Open Access
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*Appl. Sci.*
**2018**,
*8*(11),
2306;
doi:10.3390/app8112306

Article

Response Characteristics of the DeepCwind Floating Wind Turbine Moored by a Single-Point Mooring System

^{1}

Research Institute for Applied Mechanics, Kyushu University, Kasuga 8168580, Japan

^{2}

Interdisciplinary Graduate School of Engineering Sciences, Kyushu University, Kasuga 8168580, Japan

^{3}

School of Naval Architecture and Ocean Engineering, Harbin Institute of Technology, Weihai 264209, China

^{4}

Department of Mechanics and Maritime Sciences, Chalmers University of Technology, SE-412 96 Gothenburg, Sweden

^{*}

Author to whom correspondence should be addressed.

Received: 19 October 2018 / Accepted: 16 November 2018 / Published: 20 November 2018

## Abstract

**:**

In recent years, the SPM (Single-Point Mooring) concept has been widely employed in several branches of the naval architecture and marine engineering field, such as FPSOs (Floating Production, Storage and Offloading units), offshore oil rigs, etc., but not yet popular in the offshore wind energy. To investigate the response characteristics of an SPM-moored FWT (Floating Wind Turbine), in the present work, we perform a numerical study on the DeepCwind semisubmersible wind turbine, using the state-of-the-art open-source tool FAST. The free-decay test results show that the SPM layout affects the natural periods of the wind turbine in rotational modes, as well as the mooring stiffness of the diagonal rotational and crossing rotational-translational terms, especially in relation to the yaw mode. Comparisons of the RAOs (Response Amplitude Operators) elucidate that the presence of wind influences significantly the sway, roll and yaw motions of the SPM layout. Finally, the weathervane test shows that an asymmetry exists in the free-yaw motion response when the semisubmersible wind turbine is moored by an SPM system.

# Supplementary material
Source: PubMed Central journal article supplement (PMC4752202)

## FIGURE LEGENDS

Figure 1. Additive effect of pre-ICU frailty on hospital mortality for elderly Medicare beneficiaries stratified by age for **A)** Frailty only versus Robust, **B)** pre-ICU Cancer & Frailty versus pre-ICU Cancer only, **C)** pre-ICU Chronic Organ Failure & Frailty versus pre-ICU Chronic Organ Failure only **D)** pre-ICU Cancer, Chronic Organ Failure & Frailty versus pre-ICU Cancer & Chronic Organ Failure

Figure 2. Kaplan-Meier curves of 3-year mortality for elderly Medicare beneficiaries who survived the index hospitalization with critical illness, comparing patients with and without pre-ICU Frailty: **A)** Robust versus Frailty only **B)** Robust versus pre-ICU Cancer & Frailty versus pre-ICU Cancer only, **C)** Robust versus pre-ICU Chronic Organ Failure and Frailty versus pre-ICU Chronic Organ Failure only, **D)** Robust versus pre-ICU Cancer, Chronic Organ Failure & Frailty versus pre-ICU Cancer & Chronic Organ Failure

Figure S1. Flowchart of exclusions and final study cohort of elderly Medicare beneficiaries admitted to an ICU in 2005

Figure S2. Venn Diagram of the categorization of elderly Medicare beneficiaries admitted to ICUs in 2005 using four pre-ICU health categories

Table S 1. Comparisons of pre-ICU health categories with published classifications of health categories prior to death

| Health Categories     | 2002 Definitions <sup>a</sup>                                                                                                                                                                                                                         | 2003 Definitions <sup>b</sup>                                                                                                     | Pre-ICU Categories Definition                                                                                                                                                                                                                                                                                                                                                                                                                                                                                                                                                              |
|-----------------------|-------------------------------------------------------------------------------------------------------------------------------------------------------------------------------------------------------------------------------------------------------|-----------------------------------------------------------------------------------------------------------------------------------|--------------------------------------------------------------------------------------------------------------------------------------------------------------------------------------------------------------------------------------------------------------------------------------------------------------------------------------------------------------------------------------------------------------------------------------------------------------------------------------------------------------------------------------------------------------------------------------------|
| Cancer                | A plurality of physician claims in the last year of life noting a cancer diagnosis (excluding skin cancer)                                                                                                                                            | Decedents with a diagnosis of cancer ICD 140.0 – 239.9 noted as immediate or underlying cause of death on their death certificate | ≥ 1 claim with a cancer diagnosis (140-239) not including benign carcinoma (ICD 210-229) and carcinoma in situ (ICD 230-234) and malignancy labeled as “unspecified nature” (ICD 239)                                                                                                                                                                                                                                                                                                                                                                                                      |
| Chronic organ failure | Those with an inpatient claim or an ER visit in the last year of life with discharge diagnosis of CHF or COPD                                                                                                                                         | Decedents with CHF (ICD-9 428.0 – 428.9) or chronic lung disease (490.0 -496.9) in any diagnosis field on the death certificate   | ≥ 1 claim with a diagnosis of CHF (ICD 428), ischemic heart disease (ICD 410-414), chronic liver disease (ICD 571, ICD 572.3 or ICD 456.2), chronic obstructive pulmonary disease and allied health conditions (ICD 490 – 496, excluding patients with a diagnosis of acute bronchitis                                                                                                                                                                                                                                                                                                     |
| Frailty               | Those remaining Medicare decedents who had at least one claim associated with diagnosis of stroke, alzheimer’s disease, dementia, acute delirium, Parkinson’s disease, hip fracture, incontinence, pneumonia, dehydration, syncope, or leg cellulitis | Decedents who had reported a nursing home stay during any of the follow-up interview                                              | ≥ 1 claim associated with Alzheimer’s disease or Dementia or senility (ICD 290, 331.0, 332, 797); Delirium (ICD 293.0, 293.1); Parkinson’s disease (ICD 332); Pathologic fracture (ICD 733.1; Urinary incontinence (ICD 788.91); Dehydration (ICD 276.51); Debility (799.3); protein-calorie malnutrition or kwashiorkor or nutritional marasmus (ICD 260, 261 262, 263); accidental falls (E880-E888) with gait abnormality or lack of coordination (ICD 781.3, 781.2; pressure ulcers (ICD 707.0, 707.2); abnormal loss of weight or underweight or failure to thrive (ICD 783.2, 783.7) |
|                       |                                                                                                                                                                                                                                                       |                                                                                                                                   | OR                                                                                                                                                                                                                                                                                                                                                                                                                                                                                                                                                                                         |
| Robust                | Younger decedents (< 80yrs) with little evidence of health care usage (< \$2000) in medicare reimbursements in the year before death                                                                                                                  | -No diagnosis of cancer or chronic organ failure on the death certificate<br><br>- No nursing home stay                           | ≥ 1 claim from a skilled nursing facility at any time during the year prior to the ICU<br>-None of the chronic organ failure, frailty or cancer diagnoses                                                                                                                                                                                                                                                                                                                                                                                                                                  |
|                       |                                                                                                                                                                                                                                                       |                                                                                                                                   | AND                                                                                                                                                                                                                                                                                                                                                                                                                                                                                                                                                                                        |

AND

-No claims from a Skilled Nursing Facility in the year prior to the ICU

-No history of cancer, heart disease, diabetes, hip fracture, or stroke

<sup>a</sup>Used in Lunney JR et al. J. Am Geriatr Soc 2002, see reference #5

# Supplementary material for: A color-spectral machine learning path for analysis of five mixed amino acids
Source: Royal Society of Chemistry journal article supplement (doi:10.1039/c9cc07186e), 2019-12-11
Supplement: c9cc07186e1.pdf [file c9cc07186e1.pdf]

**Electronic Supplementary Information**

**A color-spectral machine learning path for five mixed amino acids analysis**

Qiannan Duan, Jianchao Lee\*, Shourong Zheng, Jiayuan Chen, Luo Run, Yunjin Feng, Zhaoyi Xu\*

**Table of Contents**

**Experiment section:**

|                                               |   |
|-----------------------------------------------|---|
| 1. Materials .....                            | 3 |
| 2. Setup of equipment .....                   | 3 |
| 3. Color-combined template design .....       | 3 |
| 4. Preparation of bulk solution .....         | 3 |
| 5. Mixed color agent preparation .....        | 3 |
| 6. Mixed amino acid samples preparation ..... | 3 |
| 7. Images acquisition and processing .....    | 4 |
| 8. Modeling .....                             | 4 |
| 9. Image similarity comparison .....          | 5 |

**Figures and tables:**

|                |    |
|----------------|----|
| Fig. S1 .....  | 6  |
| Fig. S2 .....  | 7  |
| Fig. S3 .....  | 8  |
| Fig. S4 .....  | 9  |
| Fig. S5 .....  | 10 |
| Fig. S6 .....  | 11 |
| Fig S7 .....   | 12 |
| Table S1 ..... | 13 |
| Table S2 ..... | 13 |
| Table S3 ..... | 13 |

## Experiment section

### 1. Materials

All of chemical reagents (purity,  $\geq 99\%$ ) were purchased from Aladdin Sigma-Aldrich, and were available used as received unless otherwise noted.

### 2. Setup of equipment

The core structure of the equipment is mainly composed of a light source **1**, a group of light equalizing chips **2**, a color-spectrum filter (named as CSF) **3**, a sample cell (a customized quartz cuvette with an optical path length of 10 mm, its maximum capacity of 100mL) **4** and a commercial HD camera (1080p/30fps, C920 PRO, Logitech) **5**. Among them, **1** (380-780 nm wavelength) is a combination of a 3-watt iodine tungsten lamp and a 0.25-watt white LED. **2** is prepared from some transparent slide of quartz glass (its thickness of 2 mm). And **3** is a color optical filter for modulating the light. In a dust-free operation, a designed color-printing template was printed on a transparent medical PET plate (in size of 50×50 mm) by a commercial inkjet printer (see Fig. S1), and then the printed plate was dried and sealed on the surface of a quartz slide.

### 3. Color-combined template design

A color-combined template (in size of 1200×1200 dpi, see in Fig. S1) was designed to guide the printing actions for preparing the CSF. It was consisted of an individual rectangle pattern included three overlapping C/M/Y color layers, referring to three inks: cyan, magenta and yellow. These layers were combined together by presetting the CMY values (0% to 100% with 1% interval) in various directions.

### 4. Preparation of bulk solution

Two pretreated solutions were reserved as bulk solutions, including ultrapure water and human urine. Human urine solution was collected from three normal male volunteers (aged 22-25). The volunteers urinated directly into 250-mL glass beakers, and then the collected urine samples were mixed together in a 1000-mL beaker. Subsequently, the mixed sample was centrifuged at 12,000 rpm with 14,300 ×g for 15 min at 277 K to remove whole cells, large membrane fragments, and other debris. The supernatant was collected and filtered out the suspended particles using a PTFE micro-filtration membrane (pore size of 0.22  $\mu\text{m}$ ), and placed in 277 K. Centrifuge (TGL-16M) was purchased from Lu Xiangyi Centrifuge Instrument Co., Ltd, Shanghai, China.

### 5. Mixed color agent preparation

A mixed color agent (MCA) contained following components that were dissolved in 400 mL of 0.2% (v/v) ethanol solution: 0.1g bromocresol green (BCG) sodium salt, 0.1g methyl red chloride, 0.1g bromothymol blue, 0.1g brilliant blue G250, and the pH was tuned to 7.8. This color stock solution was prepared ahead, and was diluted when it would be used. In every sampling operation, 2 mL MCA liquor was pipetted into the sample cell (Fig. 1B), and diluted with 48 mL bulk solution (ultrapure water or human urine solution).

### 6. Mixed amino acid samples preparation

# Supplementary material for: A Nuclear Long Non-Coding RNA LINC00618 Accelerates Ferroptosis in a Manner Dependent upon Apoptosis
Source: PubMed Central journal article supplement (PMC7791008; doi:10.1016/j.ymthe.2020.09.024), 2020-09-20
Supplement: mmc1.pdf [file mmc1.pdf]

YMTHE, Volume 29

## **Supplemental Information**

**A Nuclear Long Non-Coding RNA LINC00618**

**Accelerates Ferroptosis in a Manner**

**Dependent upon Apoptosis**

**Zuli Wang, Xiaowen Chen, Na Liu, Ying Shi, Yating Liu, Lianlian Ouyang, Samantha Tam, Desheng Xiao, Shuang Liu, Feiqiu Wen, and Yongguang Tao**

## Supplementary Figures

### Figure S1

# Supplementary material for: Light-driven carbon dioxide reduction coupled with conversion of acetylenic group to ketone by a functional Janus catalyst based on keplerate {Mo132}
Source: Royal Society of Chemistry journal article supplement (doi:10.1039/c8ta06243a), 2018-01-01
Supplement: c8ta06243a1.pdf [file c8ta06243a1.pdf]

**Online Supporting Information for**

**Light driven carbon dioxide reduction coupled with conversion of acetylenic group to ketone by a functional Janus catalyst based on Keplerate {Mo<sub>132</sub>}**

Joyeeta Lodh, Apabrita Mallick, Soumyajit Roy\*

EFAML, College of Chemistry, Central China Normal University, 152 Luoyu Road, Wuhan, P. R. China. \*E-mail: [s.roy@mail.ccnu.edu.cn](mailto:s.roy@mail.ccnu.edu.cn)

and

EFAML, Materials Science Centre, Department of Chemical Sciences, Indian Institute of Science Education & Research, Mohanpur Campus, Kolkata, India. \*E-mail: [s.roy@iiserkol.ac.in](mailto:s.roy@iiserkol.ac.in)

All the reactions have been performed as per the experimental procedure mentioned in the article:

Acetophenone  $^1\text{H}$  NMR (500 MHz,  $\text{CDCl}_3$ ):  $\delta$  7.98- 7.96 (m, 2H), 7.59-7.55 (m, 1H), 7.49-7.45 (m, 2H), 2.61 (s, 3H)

Keywords:

single-point mooring; semisubmersible; coupled dynamics## 1. Introduction

OWE (Offshore Wind Energy) is a promising substitution of the traditional fossil fuels in the future. In recent years, the OWE technology is witnessing a booming development in which a variety of new conceptual designs have been realized [1,2,3,4]. The mooring system, as an essential part of the floating system for station keeping, is undergoing a quick update on the technology. One of the most recent developments is the concept of an FWT (Floating Wind Turbine) moored by an SPM (Single-Point Mooring) system [5,6,7]. Iijima et al. [5] designed a sample of an SPM-moored semisubmersible FWT and carried out a 1/100 scaled model test on the wave basin. Furthermore, it was observed that the FWT was capable of weathervaning. Koh et al. [6] performed a numerical analysis of a single-point moored TLS (Tension Leg Spar) and found that the TLS also could self-adjust its orientation to the inflow wind direction. Nihei et al. [7] carried out a tank model test of two different SPM bearing types and demonstrated that the combination usage of thrust bearing and aligning bearing perform better than using only the thrust bearing. From a technical point of view, the application of an SPM system enables the FWT to have free-yaw motions when the wind changes direction, which can be viewed as a passive yaw control system. In comparison to the active yaw control system normally installed in the turbine nacelle, the advantages of utilization of SPM can be generally summarized into the following two aspects:

- To reduce the cost of construction and the heavy weight due to the existence of nacelle yaw control system and the associated mechanical bearings and brakes at the tower top of wind turbine;
- To avoid the failure of a nacelle yaw system due to some sudden electricity-based accident or long-term corrosion caused by the humid salt-laden air in the sea circumstance.